“It left a huge impression on me. My resolve to help them [World Vision] became galvanized after that; it became stronger,” Cochrane says.

Since then he has travelled Africa nine times, and twice through Asia, on behalf of the charitable organization.

Meanwhile, the list of volunteering for good causes doesn’t even come close to ending there. Among the many other causes he supports are Parkinson’s research, Amnesty International, War Child, Médicins Sans Frontières, Make Poverty History, World Animal Protection, The United Way and Tree Canada.

These good works haven’t gone unrecognized. In 2008, Cochrane was conferred an Officer of the Order of Canada for a lifetime of charity involvement and his contribution to the arts.

The National Music Centre in Calgary, in a similar vein, acknowledged the musician’s significant role in the artistic arena with its recent opening of a Tom Cochrane exhibit.

“Lo and behold … people are truly interested in archival stuff that goes way back … they were really respectful and reverential about it,” Cochrane says.

In an unanticipated turn, curators weren’t the only ones who found the resources compelling. Compiling these materials planted a seed in his head that there just might be enough for an autobiography.

“I think it’s important for me to tell the story about where I come from, the music process and my life. I think that’s something people will be interested in, in the next year,” he notes.

“I always want to be doing something new. You have to follow that instinct to write, and get stuff off of your chest.”

And so, even when most people in their 60s are heading for retirement, it appears as though there’s no off-ramp to Tom Cochrane’s highway, as he continues to be an agent of change.

photo by carlos a. pinto

Tom Cochrane

20-changemakers

Tom Cochrane
Musician and Officer of the Order of Canada.

The introductory drumbeats are unmistakable. So too are the opening staccato electric guitar chords and the overlapping harmonica notes. For many, these trigger subconscious cues to turn the volume on high for what has become one of the most recognized, rollicking rock songs of a generation: “Life Is a Highway.”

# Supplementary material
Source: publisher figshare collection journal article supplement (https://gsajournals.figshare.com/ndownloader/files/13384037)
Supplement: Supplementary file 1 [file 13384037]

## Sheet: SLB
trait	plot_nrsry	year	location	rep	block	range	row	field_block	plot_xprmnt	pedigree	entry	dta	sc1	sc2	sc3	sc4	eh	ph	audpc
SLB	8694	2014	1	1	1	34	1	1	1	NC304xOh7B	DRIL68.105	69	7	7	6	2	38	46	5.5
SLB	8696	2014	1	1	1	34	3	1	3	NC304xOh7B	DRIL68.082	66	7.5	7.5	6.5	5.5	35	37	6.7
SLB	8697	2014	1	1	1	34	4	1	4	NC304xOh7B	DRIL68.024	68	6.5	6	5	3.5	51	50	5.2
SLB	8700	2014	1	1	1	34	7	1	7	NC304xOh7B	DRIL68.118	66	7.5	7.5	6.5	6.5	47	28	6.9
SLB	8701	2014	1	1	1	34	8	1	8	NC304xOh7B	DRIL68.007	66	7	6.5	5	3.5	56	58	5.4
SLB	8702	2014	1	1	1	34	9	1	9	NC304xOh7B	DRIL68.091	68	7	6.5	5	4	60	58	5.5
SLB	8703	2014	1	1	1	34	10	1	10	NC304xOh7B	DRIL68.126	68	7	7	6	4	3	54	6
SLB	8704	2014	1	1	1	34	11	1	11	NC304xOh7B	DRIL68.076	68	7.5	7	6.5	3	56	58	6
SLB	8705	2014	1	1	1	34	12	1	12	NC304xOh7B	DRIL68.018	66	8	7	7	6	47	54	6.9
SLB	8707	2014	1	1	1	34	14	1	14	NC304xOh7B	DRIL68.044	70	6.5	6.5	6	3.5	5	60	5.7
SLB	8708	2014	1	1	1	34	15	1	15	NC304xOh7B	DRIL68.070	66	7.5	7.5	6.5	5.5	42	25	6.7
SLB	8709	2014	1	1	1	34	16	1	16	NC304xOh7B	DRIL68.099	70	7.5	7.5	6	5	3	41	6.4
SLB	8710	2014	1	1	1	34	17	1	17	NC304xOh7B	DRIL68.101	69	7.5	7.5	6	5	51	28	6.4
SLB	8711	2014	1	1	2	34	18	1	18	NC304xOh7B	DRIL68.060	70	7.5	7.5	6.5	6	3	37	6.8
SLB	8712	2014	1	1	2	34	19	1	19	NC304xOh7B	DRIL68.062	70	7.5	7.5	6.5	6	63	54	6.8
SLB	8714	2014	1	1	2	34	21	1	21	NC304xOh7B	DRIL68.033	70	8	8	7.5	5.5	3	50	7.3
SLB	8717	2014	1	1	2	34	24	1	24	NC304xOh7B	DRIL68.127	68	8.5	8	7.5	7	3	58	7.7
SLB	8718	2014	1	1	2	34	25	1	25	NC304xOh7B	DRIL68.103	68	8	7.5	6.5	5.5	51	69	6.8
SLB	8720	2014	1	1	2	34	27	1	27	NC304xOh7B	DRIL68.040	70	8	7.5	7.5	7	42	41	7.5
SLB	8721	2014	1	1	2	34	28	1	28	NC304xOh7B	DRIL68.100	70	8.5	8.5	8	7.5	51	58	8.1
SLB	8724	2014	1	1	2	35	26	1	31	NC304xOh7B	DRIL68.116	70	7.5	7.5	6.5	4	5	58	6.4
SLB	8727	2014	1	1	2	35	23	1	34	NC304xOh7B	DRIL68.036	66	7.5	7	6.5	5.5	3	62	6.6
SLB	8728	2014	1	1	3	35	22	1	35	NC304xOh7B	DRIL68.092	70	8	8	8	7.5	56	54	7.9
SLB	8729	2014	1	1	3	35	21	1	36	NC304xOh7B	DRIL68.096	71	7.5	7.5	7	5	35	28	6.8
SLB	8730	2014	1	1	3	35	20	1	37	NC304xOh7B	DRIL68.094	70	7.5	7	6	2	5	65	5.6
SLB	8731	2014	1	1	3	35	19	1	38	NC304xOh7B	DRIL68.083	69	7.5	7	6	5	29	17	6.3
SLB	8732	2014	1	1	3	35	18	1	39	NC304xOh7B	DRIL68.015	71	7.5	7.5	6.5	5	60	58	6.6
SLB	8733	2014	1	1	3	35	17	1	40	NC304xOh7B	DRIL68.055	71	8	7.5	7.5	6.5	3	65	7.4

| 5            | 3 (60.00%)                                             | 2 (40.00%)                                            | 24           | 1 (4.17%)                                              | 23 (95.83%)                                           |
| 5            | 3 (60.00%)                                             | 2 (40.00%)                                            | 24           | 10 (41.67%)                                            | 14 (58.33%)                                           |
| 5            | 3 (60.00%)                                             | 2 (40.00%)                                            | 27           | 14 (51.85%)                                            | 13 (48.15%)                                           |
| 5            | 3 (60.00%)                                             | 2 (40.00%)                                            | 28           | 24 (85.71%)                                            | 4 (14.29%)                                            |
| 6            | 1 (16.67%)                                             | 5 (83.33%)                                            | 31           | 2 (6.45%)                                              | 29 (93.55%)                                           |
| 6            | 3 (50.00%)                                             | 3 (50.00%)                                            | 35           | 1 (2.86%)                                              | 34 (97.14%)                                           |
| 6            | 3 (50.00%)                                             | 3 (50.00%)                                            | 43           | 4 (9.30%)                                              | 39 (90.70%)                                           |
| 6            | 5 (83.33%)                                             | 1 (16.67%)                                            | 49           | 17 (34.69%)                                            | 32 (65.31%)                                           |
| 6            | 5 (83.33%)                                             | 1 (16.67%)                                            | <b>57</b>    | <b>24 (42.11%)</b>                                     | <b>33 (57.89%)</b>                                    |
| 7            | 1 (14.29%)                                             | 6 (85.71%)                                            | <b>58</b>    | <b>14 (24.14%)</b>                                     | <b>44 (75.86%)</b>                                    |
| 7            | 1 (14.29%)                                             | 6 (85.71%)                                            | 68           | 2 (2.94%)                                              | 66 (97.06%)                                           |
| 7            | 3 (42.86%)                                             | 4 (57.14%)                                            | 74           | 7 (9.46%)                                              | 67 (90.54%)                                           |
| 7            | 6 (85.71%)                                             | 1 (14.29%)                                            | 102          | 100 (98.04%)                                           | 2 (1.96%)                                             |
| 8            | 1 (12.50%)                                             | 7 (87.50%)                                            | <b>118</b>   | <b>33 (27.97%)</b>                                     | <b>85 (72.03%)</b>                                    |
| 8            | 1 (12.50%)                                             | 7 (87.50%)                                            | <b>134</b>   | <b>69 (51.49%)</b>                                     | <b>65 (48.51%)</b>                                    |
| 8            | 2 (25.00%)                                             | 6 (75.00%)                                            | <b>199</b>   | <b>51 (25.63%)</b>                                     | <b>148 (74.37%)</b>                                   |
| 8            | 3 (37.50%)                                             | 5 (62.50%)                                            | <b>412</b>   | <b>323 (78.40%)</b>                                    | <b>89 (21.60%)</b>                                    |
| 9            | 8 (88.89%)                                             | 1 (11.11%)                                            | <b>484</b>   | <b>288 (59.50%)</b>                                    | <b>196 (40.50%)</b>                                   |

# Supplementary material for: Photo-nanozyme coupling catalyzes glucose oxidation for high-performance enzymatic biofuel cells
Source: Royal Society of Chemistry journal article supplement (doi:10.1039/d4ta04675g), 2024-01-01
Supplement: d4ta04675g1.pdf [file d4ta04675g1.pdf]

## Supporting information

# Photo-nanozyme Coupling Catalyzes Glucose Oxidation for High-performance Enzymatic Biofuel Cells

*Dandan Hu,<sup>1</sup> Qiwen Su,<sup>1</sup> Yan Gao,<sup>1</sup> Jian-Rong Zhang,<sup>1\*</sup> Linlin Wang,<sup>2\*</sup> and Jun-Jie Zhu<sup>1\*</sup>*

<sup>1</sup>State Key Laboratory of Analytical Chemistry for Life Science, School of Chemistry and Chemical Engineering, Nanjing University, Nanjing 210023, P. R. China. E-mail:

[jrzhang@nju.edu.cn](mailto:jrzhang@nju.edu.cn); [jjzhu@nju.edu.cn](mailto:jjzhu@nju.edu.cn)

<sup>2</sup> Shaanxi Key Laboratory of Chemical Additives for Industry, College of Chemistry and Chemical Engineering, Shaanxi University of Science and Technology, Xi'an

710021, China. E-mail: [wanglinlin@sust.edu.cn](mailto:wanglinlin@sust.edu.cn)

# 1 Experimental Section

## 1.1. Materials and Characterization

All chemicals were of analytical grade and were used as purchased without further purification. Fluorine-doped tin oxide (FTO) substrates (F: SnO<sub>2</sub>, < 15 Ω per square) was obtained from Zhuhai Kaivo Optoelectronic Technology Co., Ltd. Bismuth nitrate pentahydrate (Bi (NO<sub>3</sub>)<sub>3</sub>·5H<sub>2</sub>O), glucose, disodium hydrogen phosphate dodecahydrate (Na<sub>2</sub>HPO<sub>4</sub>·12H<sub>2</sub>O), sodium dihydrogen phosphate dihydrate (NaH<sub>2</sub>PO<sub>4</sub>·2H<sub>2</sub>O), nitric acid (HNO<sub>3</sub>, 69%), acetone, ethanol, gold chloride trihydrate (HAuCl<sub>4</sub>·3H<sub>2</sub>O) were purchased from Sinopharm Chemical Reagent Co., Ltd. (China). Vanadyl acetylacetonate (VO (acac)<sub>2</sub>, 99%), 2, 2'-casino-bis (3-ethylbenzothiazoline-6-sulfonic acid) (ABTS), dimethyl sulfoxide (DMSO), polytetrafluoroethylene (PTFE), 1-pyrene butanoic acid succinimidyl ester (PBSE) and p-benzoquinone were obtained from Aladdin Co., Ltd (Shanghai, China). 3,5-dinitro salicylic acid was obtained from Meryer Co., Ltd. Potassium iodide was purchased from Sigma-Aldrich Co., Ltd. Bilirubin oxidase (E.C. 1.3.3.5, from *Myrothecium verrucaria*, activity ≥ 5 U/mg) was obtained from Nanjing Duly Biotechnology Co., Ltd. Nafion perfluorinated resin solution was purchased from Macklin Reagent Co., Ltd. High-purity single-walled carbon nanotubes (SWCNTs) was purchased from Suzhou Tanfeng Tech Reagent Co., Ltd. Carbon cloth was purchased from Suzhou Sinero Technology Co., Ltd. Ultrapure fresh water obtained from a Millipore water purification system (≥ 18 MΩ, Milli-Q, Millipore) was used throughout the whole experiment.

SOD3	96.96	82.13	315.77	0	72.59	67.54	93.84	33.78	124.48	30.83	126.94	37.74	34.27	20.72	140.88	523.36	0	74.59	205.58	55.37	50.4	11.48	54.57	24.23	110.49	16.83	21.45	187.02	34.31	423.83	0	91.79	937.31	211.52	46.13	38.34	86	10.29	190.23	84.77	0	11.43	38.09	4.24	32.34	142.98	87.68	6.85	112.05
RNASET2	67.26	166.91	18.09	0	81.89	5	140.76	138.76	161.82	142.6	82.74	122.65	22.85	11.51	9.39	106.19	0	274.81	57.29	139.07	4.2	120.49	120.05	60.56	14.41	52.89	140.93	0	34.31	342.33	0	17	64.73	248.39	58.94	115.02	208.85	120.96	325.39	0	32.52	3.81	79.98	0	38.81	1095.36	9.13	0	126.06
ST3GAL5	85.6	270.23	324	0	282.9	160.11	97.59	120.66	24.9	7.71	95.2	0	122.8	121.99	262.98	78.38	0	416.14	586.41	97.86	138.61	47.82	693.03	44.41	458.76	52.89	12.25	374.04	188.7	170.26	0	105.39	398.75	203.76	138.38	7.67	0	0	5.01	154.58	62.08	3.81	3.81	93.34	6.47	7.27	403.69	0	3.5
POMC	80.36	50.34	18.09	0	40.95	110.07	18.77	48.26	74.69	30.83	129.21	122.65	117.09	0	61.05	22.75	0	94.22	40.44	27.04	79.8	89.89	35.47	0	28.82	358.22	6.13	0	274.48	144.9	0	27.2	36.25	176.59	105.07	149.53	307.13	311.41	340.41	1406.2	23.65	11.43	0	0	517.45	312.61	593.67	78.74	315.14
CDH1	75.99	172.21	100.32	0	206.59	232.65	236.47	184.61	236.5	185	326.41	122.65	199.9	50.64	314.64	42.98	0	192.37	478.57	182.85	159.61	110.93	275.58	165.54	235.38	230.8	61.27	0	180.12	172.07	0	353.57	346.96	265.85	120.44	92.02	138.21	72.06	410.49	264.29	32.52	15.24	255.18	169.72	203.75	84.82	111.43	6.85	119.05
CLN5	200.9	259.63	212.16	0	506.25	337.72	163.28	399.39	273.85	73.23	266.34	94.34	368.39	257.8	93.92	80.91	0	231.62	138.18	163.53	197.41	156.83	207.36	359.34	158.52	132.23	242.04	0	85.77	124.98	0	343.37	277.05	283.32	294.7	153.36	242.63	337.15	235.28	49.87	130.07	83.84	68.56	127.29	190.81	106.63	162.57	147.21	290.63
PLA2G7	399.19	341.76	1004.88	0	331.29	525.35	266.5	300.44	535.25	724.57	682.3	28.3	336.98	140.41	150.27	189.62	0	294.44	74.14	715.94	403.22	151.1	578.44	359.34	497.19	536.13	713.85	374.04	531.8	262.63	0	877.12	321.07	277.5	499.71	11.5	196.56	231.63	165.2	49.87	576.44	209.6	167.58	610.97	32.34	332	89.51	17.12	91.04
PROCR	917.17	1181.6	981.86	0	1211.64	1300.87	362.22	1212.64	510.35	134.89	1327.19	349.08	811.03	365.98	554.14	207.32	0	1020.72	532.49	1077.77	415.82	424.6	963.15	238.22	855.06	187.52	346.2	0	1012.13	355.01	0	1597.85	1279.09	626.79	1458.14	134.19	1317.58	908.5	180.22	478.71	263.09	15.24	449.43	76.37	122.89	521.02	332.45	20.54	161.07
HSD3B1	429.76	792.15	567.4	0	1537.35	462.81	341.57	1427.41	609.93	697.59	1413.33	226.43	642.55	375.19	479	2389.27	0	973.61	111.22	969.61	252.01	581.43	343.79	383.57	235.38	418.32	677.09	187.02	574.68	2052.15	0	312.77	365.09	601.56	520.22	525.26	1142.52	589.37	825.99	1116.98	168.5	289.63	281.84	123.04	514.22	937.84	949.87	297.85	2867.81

The 1991 megahit not only propelled Canadian Tom Cochrane into a globally known musician, but helped the album from which it came, Mad Mad World, sell three million copies to date. It also earned him a Grammy nomination.

Twenty-five years later, the 63-year-old is as much looking back as looking forward — a four-decade-long career retrospective, an anniversary reboot of Mad Mad World, continued charity work and ambitious writing projects en route.

Recently, that lyrical highway turned into a literal one when a section of road was named after Cochrane, leading to Lynn Lake, Man., his place of birth.

“That was a cool honour,” he remarks of the homage to his song. “It’s crazy.”

The local boy does good has been the culmination of some forty years in the music industry, beginning humbly with an eleven year old who sold his train set to buy his first guitar.

As a young adult, stints as a cab driver, a paint shop clerk and a Sears loading dock worker were what he once called “character builders” where “you learn from and draw songs from.”

By 1974, his first album Hang On to Your Resistance would be released, concurrent to taking his show on the road wherever it would take him, be it cafés, pubs or seedy bars. (Inevitably, more character building.)

He’d join Red Rider in 1979 as their front man and since then has released 17 albums, the latest being 2015’s Take It Home.